John W. Campbell, Rainer Eisfeld

Some heretics among those present began suggesting that we go to bed. Mal and I left for a patrol of the other lounges in an attempt to find something reportable for our promised conreports. The BBC and the masqueraders were still occupying one lounge; another skiffle group had started in another, the ensemble including guitarists Dan Morgan and John (Hynan) Kippax. In the lobby John W. Campbell was deep in apparently philosophical discussion with Rainer Eisfeld and another German fan who seemed to know no English. Rainer was translating both ways and the result was sheer Marx Brothers. In another lounge a group contained such people as Forry, the Dietzes, Bert Campbell, Steve Schultheis and Bob Madle. At the moment they seemed to be discussing cars. We left and came back full circle to the small lounge, where Walter was alone in front of a typer doing an airlettered report for Len Moffatt. We discussed the discovery by Chuck Harris and Walter of the fabulous Ray Nelson, who had been at the convention for two days without anyone recognising him, then Madeleine lugged Walter off to bed.

Walt Willis, typing some of the very words that appear in this composite report

The BBC men had now spent several hours collecting material for what could be no more than a five minute spot on their 'Tonight' programme, and they were still at it. The skiffle group had exhausted themselves and gone, but there was a huddle of fans around the Ackerman-Dietz-Madle group in the corner of the large lounge, and George ATW Charters was benevolently overseeing a poker game between Ron Bennett, a very nice girl whose name I didn't get who was Ted Carnell's secretary at Nova, Peter Phillips, and some nameless others. Somehow, Mal and I found ourselves in a party containing the Silverbergs, Arthur Thomson, Ellis Mills and at some distance Wally Weber. I remember at one point a curious Tower of Babel effect overtaking us. Arthur suddenly began speaking alternate sentences with a Cockney and a broad Scottish accent, Ellis's and Wally's voices were definitely doing peculiar things, I was breaking into Wally's Western drawl, and Bob Silverberg was speaking pure North Irish. I'm sure this was the first time anything like this happened, probably because there has never been a convention like this before. I could see the light of madness beginning to grow in Barbara Silverberg's eyes as she protested wildly, "Bob, stop it! You're putting question marks everywhere, like him! You're beginning to lilt...!"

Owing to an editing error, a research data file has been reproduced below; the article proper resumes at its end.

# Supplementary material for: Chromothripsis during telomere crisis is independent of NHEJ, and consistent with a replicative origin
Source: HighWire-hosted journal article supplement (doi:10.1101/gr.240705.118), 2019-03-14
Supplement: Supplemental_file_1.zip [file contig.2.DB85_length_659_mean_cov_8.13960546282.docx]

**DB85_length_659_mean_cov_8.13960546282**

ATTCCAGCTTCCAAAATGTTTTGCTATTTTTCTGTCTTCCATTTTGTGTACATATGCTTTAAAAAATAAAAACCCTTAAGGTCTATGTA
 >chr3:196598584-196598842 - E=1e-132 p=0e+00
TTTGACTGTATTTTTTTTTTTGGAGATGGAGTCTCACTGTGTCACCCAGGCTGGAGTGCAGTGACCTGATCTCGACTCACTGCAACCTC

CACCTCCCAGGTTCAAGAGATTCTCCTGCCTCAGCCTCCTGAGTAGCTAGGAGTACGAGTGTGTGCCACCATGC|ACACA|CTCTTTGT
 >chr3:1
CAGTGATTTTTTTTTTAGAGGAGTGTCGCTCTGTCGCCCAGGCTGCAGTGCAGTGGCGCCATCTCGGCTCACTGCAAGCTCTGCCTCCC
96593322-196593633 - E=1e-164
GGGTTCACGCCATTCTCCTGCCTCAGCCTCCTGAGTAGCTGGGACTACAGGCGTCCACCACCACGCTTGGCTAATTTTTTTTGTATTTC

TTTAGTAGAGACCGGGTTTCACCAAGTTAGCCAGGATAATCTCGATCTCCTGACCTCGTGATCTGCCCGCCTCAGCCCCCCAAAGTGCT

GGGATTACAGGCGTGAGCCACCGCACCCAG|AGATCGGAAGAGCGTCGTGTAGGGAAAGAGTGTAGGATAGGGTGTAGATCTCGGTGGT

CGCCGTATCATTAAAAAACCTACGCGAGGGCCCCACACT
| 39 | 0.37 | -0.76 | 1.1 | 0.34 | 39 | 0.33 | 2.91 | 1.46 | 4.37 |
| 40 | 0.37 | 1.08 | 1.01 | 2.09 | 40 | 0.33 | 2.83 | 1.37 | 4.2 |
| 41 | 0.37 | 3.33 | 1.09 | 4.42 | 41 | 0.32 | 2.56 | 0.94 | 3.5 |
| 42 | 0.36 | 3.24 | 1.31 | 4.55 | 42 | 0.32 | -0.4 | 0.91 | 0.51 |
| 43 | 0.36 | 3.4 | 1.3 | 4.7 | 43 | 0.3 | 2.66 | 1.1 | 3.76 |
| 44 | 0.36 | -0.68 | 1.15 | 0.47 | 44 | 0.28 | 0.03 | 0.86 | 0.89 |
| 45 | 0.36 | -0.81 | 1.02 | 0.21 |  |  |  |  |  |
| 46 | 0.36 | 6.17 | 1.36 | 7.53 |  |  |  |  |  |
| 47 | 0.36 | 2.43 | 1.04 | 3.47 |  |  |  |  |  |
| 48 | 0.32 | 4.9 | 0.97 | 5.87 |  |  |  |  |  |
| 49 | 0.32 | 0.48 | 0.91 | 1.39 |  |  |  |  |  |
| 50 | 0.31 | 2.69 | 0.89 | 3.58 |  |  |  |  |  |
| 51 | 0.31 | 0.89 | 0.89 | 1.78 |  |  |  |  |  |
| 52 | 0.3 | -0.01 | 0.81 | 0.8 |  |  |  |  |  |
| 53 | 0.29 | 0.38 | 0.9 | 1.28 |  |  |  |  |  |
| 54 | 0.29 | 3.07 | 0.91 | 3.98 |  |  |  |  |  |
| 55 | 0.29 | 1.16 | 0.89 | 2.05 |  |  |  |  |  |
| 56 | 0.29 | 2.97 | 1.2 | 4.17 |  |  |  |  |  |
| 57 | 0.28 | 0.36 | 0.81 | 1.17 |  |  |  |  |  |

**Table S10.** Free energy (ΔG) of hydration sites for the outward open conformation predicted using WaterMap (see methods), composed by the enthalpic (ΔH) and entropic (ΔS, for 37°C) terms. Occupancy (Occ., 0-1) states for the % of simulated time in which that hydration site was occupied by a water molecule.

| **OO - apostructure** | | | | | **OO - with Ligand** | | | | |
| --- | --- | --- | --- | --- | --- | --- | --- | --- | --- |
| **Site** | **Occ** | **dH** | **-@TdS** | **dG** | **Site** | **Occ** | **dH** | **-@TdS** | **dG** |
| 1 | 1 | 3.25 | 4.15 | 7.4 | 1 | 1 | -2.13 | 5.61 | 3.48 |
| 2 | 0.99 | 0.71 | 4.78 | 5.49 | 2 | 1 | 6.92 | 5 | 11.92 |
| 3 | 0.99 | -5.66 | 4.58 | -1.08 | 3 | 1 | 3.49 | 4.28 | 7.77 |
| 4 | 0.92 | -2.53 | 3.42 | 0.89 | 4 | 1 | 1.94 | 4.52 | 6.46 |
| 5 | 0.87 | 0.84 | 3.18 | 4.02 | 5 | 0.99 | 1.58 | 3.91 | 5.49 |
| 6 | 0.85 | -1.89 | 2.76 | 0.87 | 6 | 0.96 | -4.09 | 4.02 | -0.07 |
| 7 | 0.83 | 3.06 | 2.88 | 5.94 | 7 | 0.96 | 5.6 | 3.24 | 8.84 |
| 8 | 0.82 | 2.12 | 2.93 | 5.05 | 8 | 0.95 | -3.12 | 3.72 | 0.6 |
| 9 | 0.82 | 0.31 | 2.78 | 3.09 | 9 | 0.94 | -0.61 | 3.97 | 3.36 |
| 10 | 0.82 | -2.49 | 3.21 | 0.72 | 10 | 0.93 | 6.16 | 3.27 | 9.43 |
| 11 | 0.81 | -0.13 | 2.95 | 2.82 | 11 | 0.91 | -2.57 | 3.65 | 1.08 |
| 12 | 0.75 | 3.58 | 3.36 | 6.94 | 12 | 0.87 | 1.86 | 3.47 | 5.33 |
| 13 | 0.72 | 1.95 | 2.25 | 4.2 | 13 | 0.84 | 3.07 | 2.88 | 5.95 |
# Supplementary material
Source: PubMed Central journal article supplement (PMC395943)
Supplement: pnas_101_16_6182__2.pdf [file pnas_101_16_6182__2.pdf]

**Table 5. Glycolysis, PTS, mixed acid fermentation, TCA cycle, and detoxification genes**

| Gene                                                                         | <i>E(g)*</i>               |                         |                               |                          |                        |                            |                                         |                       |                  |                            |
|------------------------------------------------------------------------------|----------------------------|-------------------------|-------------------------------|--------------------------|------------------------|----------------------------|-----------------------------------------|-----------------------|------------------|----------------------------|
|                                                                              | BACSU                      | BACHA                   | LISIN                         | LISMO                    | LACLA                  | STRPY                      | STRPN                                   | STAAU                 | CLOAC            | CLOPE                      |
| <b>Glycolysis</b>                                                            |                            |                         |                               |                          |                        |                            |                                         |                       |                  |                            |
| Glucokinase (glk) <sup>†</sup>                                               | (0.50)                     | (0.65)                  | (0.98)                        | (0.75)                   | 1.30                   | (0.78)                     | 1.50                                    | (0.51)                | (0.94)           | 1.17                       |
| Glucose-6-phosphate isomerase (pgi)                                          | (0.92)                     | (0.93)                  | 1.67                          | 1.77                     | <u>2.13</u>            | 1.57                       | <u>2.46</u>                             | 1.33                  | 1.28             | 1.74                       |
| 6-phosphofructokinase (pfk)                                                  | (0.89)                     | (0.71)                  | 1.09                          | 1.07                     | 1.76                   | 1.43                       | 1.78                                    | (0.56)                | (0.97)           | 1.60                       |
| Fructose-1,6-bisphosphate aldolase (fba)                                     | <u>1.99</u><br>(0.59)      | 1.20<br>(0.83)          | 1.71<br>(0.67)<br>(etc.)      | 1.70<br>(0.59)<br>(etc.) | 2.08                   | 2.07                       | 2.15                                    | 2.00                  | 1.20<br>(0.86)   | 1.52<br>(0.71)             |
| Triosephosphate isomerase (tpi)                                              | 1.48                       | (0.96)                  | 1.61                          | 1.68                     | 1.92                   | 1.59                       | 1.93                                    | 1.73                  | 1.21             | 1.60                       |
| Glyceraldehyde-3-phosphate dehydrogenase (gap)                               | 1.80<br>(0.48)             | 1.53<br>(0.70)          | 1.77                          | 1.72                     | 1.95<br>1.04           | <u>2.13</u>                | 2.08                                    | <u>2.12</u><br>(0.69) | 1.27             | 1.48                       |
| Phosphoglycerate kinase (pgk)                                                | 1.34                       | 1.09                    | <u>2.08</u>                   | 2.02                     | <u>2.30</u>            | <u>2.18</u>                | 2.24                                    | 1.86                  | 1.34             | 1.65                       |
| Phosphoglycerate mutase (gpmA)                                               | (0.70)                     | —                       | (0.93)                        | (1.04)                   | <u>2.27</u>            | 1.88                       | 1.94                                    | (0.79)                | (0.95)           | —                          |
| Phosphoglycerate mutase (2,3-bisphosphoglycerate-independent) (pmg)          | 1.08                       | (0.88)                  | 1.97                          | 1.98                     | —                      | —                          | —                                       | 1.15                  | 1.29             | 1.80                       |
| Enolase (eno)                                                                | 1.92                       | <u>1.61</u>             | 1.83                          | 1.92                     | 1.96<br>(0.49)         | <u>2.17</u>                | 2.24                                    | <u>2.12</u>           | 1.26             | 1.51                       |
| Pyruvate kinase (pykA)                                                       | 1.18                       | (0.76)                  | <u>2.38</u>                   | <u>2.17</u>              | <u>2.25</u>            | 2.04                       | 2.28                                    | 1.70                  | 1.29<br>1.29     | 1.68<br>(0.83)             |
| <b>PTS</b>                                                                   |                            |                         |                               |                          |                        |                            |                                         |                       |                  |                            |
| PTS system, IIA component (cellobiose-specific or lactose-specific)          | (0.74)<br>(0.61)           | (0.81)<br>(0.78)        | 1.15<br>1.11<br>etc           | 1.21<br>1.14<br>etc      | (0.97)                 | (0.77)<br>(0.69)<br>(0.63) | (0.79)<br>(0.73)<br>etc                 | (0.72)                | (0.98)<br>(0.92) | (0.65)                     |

George Charters watches as Ron Bennett, the Shorrocks and others play poker

A couple of hours later, the Silverbergs, after nearly falling on their faces a couple of times, dragged themselves off to their room. I was beginning to feel tired, so was Mal, but nothing could have got us away from that convention or those people. Weber was not technically a member of this group, because he insisted on sitting three yards away from the rest of us so that he could pretend not to be with us when the level of punning got too low. He also kept reminding Mal and me of how nice it would feel to lie down in a lovely soft bed, the fiend. To counteract this, I suggested to Mal that we go up to our room and dunk our heads in the wash-basin. This we did, and as we were leaving we paused at the door and looked back at our beds lying there so seductively and smugly. We snapped our fingers at them and sneered. They wilted, visibly.

Mal Ashworth, James White, and the power of the psneer (ww)

It was at this moment that we felt history was being made, that what we had done was no empty gesture but an actual weapon of war. After a sneer like that, why going to bed would be like fraternizing with the enemy. It had been at that moment that the art and science of Psneeronics came into being, the foundation of an entire new field of knowledge. But just then we were too tired to foresee this: proudly and kind of humbly we returned to the lounge.

George Charters, who had booked into a hotel 3 miles away so that he could be sure of getting his sleep, was still perched benignly on a table watching an extremely fuzzy Peter Phillips taking his cautious and sober fellow players to the cleaners. About this time, roughly 6am, the BBC technicians began to evacuate the hotel. Friendly jeers followed them and somebody shouted "Yah, weaklings!" Someone pulled the curtain aside to see them off, and daylight was revealed outside. A tired, ragged but triumphant cheer went up: we had done it!